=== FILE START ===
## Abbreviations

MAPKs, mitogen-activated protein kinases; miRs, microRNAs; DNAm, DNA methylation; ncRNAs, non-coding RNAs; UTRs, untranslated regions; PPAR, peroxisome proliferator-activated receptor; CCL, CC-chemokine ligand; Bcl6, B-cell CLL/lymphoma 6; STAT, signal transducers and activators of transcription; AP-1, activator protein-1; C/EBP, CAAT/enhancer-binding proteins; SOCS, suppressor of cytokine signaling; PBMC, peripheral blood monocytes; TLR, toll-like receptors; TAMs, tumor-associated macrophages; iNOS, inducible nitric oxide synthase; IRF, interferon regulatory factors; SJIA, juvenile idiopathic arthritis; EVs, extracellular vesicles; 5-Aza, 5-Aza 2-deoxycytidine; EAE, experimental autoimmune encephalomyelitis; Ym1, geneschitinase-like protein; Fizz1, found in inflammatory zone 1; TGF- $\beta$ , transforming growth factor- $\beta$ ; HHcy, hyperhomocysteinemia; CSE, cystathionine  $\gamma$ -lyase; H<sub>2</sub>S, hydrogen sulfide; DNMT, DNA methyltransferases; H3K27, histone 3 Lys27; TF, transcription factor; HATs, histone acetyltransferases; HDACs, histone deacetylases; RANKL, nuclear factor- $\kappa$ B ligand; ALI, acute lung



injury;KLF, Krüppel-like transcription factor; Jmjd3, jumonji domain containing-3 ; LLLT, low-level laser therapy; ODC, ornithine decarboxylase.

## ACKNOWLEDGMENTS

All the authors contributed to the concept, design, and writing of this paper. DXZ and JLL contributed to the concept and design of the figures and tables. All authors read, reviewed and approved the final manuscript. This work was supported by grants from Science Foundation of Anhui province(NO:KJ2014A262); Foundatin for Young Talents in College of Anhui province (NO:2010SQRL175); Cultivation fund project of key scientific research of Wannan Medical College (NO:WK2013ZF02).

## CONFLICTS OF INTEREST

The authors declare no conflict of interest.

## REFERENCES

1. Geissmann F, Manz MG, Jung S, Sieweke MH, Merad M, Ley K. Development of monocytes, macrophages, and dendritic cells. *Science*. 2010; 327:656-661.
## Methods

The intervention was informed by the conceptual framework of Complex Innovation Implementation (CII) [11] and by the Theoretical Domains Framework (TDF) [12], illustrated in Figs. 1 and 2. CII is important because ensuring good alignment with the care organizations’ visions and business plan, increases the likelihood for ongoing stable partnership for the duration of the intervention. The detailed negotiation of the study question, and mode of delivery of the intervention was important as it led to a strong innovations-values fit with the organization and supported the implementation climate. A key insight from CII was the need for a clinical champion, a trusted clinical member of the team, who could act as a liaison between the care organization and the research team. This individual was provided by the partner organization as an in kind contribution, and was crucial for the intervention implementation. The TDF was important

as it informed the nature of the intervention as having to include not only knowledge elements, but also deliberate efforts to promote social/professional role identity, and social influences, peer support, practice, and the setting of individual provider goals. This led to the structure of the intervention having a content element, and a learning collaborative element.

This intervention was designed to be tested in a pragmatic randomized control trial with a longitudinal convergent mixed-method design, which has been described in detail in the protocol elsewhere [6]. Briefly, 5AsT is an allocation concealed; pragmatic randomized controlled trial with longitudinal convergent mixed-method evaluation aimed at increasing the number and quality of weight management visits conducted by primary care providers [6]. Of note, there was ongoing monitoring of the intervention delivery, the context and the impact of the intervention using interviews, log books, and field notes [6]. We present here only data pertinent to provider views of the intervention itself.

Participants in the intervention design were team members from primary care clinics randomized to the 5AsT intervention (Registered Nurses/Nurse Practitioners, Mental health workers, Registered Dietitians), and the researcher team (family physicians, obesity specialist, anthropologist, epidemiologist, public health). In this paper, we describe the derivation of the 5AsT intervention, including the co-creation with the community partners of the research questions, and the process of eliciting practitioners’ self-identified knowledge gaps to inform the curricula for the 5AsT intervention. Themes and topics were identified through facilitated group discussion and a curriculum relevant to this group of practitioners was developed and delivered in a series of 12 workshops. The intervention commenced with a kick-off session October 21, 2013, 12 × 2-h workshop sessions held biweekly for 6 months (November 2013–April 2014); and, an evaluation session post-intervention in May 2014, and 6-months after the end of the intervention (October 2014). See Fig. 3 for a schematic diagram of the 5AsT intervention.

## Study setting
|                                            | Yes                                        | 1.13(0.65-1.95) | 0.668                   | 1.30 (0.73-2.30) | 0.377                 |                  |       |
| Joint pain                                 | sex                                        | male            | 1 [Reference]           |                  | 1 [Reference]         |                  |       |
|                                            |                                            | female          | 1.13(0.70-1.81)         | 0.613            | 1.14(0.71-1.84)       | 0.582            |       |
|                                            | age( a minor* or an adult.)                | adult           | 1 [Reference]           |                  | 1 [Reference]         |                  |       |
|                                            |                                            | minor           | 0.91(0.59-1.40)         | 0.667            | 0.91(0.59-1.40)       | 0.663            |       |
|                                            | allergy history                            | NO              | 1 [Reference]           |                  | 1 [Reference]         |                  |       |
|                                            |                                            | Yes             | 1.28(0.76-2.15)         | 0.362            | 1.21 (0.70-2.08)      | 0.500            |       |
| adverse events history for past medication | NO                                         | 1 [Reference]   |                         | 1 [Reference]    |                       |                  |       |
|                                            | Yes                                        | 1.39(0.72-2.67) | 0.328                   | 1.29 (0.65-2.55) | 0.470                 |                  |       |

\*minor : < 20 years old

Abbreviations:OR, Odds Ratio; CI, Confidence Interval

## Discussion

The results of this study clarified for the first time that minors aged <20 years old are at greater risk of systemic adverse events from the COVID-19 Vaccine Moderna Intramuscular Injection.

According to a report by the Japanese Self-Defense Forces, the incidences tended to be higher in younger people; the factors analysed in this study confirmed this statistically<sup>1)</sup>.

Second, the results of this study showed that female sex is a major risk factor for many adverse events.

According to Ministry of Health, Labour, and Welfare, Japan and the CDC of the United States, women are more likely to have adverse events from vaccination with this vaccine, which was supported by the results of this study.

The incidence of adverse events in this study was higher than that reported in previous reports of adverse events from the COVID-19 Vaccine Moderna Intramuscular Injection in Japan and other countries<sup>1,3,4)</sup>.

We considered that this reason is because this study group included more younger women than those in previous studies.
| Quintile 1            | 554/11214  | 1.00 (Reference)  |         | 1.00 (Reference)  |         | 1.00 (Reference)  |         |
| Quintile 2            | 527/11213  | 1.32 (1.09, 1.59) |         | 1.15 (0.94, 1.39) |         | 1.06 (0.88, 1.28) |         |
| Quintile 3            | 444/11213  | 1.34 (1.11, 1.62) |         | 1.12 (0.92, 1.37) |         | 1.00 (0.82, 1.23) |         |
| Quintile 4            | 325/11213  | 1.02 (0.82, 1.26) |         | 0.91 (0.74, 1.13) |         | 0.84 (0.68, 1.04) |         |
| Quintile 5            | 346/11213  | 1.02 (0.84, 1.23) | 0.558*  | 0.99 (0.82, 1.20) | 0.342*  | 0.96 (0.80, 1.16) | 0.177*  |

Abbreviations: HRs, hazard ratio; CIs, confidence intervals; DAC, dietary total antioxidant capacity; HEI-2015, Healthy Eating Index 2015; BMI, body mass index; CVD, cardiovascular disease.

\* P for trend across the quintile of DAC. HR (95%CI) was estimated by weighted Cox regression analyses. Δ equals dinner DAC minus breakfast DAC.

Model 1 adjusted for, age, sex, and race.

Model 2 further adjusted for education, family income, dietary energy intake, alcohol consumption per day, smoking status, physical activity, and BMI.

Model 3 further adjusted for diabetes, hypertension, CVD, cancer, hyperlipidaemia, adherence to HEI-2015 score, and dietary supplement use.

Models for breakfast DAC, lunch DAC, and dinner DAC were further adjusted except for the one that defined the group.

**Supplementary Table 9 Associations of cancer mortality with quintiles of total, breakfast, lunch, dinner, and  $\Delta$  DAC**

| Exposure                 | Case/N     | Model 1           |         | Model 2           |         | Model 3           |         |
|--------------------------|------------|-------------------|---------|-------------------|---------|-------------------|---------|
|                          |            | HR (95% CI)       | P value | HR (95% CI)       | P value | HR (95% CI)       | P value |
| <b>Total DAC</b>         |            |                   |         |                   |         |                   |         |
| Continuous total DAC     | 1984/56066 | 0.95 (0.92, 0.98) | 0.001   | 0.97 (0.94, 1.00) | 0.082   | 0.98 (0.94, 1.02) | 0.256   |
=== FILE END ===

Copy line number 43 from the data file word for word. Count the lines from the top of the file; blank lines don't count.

Model 3 further adjusted for diabetes, hypertension, CVD, cancer, hyperlipidaemia, adherence to HEI-2015 score, and dietary supplement use.